A few months ago she complained of toothache and was really upset because it hurt a lot. Her usual dentist couldn't offer her an appointment for at least a week, but I remembered someone telling me about the local child health dentist at the local cottage hospital and how good they were so I decided to give them a ring. They were lovely on the phone and they saw her that very afternoon.
With a nervous girl, we went to the cottage hospital to see the dentist. They were fabulous with her, completely putting her at ease, chatting to her, making her laugh and most importantly explaining everything to her (and me). Sadly she had a hole in her tooth so they gave her a temporary filling and made an appointment to see her again a week later for permanent one.
The following week we went back and because they had put her at ease and reassured her so much, she was happy to go and skipped from the carpark to the hospital. This time she had a permanent filling, but, as before, they explained everything to her and she was fine. The dentist kept an eye on her the whole time and when she saw that my daughter was starting to get distressed and that it was becoming painful, she stopped. She explained to me that the hole was bigger and deeper than they realised and it was down to the nerve. She told me that they hoped that the medication they'd put in the filling would kill the bacteria in the tooth, but the chances were she would need the tooth out eventually. However, because it was one of her back molars, and one she shouldn't lose until she was 12, they hoped that the filling would help prolong the life of the tooth. She was given a couple more appointments to check her tooth and I transferred the other 3 to the same dentist as I was so happy with her treatment and care.
A few weeks later they stopped the check-ups after explaining they were happy with the tooth but that I was to keep an eye on it and if she complained of toothache or I felt a bump in the gum above the tooth, I was to contact them immediately.
Before the start of the holidays, she woke up crying that her tooth hurt and when I felt the gum above I could feel a lump. I phoned the dentist but they weren't at our local cottage hospital for a few days. They did tell me where they were that day and that if we could get there then they would see her. Luckily it was at a town that the train stopped at, so I agreed to take her that day and off we went. The dentist examined her and said that she had an infection in her tooth and she needed antibiotics and would need the tooth out once the infection cleared. The antibiotics helped and a date was given for another check-up where the tooth could be examined again and a decision made.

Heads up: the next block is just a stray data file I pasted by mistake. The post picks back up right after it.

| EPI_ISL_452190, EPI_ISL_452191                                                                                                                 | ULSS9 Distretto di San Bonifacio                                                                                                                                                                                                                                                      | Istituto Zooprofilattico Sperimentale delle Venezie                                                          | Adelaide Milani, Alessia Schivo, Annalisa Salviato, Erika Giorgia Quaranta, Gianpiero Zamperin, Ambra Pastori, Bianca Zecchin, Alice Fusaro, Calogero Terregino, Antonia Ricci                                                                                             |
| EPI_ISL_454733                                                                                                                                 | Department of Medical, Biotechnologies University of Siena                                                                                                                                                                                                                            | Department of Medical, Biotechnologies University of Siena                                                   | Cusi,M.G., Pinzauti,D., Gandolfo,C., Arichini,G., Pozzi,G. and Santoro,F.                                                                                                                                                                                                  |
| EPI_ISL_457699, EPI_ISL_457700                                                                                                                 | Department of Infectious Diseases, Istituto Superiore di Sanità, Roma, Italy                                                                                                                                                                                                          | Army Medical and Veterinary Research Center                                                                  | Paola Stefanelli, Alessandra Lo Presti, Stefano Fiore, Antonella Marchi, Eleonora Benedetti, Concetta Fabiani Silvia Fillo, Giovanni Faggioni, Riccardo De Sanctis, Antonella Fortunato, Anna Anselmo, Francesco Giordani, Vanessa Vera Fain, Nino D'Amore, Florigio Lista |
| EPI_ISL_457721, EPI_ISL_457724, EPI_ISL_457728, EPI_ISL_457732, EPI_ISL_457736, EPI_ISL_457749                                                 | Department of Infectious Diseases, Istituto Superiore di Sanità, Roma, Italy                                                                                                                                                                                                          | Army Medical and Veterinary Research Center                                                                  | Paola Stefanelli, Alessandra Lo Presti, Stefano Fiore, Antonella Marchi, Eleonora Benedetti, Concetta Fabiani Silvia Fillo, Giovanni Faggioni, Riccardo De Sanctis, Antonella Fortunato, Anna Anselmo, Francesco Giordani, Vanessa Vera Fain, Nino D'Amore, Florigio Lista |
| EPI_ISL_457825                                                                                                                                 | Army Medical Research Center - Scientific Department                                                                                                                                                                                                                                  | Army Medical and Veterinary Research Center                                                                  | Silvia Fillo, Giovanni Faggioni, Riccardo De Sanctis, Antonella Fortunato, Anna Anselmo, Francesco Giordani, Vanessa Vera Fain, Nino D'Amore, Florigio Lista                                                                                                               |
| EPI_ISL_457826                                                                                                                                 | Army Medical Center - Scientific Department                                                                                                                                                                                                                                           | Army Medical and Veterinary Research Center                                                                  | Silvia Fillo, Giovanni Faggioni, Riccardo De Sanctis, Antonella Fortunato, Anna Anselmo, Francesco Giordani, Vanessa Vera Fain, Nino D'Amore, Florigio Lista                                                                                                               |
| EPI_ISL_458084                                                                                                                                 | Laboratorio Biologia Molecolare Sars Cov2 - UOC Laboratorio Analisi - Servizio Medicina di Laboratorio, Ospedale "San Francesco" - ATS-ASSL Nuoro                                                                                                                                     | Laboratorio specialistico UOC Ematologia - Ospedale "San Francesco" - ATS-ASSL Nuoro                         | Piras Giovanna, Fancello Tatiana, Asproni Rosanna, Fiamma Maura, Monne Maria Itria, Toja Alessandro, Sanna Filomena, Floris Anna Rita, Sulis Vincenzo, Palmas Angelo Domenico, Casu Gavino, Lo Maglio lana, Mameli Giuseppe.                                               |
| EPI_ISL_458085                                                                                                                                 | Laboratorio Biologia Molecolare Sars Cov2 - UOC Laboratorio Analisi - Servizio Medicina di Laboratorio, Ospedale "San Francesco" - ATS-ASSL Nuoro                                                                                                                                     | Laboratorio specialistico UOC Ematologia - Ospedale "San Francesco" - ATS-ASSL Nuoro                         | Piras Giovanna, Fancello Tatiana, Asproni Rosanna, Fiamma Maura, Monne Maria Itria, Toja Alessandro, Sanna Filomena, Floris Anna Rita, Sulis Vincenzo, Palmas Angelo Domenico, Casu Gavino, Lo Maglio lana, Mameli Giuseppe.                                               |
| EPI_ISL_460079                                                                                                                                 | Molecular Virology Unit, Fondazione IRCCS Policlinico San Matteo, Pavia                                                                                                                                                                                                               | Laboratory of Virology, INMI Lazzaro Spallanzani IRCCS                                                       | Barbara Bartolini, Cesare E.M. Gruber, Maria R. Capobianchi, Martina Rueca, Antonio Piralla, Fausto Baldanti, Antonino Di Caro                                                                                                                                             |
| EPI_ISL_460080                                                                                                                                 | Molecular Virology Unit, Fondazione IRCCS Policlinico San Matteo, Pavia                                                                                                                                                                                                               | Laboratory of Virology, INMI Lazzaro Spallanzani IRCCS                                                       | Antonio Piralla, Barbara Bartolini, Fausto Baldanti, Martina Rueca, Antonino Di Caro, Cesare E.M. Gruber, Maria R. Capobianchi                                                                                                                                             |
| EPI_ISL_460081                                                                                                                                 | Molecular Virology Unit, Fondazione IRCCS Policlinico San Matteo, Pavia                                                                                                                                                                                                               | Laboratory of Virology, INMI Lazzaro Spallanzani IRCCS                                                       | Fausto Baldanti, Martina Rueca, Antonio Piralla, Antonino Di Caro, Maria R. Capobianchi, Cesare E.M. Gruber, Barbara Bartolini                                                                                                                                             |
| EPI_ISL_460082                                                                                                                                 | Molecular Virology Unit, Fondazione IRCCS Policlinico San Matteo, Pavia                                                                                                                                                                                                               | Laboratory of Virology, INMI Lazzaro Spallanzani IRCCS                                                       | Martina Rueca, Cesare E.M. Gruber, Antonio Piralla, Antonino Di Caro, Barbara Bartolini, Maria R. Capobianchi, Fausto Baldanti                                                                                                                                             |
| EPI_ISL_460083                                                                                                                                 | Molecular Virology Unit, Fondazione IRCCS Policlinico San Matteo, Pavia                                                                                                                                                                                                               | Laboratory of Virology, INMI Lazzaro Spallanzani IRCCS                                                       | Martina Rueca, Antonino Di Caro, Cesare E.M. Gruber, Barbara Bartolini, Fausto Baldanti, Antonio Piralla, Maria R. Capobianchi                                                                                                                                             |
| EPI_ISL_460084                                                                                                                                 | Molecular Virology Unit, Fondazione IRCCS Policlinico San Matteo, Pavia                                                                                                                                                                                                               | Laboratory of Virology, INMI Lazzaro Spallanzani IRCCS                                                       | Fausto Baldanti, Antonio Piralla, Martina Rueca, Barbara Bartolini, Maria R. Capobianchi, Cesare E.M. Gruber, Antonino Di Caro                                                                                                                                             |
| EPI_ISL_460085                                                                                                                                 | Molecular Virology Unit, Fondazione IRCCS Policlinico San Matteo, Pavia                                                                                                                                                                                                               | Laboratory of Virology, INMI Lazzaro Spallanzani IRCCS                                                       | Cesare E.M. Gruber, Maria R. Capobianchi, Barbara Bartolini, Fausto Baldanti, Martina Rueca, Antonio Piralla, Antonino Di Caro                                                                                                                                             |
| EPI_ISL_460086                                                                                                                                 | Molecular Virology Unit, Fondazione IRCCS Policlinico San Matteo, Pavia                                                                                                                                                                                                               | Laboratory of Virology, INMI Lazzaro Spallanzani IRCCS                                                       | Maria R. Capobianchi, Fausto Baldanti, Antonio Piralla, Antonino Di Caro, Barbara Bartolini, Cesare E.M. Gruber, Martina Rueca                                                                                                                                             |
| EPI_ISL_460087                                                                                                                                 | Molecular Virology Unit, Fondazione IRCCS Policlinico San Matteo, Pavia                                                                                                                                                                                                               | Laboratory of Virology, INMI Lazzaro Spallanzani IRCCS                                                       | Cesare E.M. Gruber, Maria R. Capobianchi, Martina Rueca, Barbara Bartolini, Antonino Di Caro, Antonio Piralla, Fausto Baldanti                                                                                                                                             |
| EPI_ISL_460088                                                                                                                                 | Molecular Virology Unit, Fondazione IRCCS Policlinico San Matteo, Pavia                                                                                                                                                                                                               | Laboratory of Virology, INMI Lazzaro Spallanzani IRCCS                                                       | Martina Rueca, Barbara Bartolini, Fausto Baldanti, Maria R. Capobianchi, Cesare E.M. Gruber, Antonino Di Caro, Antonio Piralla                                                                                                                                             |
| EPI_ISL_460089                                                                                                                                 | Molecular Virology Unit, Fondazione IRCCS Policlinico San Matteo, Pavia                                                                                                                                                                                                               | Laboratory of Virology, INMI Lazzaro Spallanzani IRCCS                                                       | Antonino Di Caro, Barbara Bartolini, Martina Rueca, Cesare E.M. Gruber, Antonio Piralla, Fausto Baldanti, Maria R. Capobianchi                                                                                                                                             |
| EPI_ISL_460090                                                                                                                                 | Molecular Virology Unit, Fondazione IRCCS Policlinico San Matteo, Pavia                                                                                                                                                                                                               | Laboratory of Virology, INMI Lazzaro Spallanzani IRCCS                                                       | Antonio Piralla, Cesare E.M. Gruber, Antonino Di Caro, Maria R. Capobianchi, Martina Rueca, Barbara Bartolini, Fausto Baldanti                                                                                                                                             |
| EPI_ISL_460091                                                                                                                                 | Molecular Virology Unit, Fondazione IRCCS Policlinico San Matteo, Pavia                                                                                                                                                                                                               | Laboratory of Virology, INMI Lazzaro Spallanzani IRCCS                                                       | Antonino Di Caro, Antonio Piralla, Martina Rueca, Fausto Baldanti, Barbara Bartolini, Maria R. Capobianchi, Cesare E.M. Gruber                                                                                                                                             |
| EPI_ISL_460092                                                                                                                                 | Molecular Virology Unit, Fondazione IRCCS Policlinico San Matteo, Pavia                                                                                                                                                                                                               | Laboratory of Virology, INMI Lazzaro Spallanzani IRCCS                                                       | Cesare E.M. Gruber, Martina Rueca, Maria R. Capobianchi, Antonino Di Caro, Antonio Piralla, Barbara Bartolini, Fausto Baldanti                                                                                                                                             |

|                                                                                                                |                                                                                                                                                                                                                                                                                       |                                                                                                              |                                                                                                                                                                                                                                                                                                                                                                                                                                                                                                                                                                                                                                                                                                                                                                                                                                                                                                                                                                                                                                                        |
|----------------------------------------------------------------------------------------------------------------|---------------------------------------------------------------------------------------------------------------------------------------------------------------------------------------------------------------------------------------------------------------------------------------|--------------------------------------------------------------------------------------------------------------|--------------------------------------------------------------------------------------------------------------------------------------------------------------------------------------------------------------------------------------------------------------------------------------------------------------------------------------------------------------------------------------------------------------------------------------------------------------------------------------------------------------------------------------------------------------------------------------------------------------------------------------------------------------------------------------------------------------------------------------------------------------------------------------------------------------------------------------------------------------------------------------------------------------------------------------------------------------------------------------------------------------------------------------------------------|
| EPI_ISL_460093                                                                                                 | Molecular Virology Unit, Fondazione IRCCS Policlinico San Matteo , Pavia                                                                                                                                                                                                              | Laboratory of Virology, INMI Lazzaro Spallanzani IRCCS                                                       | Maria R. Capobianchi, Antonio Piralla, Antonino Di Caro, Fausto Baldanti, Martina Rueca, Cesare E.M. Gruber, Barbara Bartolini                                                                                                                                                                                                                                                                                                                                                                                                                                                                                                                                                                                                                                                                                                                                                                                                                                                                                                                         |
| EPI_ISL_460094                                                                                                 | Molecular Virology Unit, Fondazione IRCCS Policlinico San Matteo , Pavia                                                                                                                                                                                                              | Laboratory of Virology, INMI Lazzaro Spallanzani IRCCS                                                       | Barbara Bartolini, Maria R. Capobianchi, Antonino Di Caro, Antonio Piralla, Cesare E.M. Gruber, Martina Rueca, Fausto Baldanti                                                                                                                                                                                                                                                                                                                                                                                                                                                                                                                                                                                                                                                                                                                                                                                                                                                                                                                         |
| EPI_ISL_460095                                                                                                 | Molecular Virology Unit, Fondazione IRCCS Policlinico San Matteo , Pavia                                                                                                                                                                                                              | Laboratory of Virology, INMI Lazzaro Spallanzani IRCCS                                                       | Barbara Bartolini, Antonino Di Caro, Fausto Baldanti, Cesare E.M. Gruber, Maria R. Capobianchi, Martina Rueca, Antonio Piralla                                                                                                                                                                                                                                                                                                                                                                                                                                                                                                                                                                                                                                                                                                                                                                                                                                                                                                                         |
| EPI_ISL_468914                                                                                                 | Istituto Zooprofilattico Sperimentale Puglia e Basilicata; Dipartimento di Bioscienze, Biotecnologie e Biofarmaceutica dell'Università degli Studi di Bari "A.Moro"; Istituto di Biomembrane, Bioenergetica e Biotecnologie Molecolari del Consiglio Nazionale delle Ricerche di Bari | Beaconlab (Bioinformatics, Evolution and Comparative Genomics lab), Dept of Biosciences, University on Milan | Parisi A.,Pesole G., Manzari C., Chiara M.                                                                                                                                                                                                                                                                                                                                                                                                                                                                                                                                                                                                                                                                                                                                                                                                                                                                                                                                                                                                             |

At the final check-up we discussed what was the best way to deal with her tooth extraction. One option was to take her to the main hospital 60 miles away for her to be put to sleep, but as it was just one tooth and there are risks with general anaesthetic the dentist thought it was better to just take it out in clinic, to which I agreed. The first appointment was a few days after my induction date, so I asked for another date in case I wasn't home from hospital in time (which I wouldn't have been) and we were given today.
As the appointment date came closer, we chatted to my 6 yr old about the appointment to prepare her, and she seemed quite happy about the idea, asking if she had the dentist today every day.
We arrived at the clinic this morning after dropping off my 10, 8 and 3 yr olds at school. The dentist was lovely and she asked me if I would consent to her being given gas and air. We hadn't spoken about this before but I said that as long as my daughter was ok with the idea and it didn't scare her (she didn't like the mask on her mouth when she was put to sleep to her her grommets in her ears and her adenoids out). To be honest I thought it was a good idea as I don't want to traumatise her about going to the dentist (I hate it and will put off going until I'm dying in agony with toothache as I have such a fear of the dentist) and I also like that it will muddle her memory a little and help her forget how painful and uncomfortable it was having a tooth out. They showed her the machine and asked her if she wanted some "happy gas" and explained that it would go on her nose and she would have to blow up the balloon with her nose. She found this funny and wanted to give it a go.
They were absolutely fantastic with her, putting her at ease and making sure she didn't feel any pain at all. After a little while on the gas and air, she put some magic gel on the gum and once that had had a little while to work, she started injecting the gum. My 6yr old got a little unhappy at the strange feeling as the numbness took effect, but kept giving us thumbs up to show she was ok, especially when we explained it was normal. Eventually the tooth was pulled and what a whopper it was!
They even gave her a little bag to put her tooth in ready for the tooth fairy tonight!
She has been happily showing everyone her really big tooth and everyone has been surprised at the size of it, especially from such a small girl as she's small for her age! I kept her off school for the rest of the day as she got a little upset as the numbness wore off and it started to hurt, but a birthday party after school helped take her mind off it! Plus I'm going to buy her a new Barbie DVD tomorrow as a treat for being such a big brave girl tomorrow!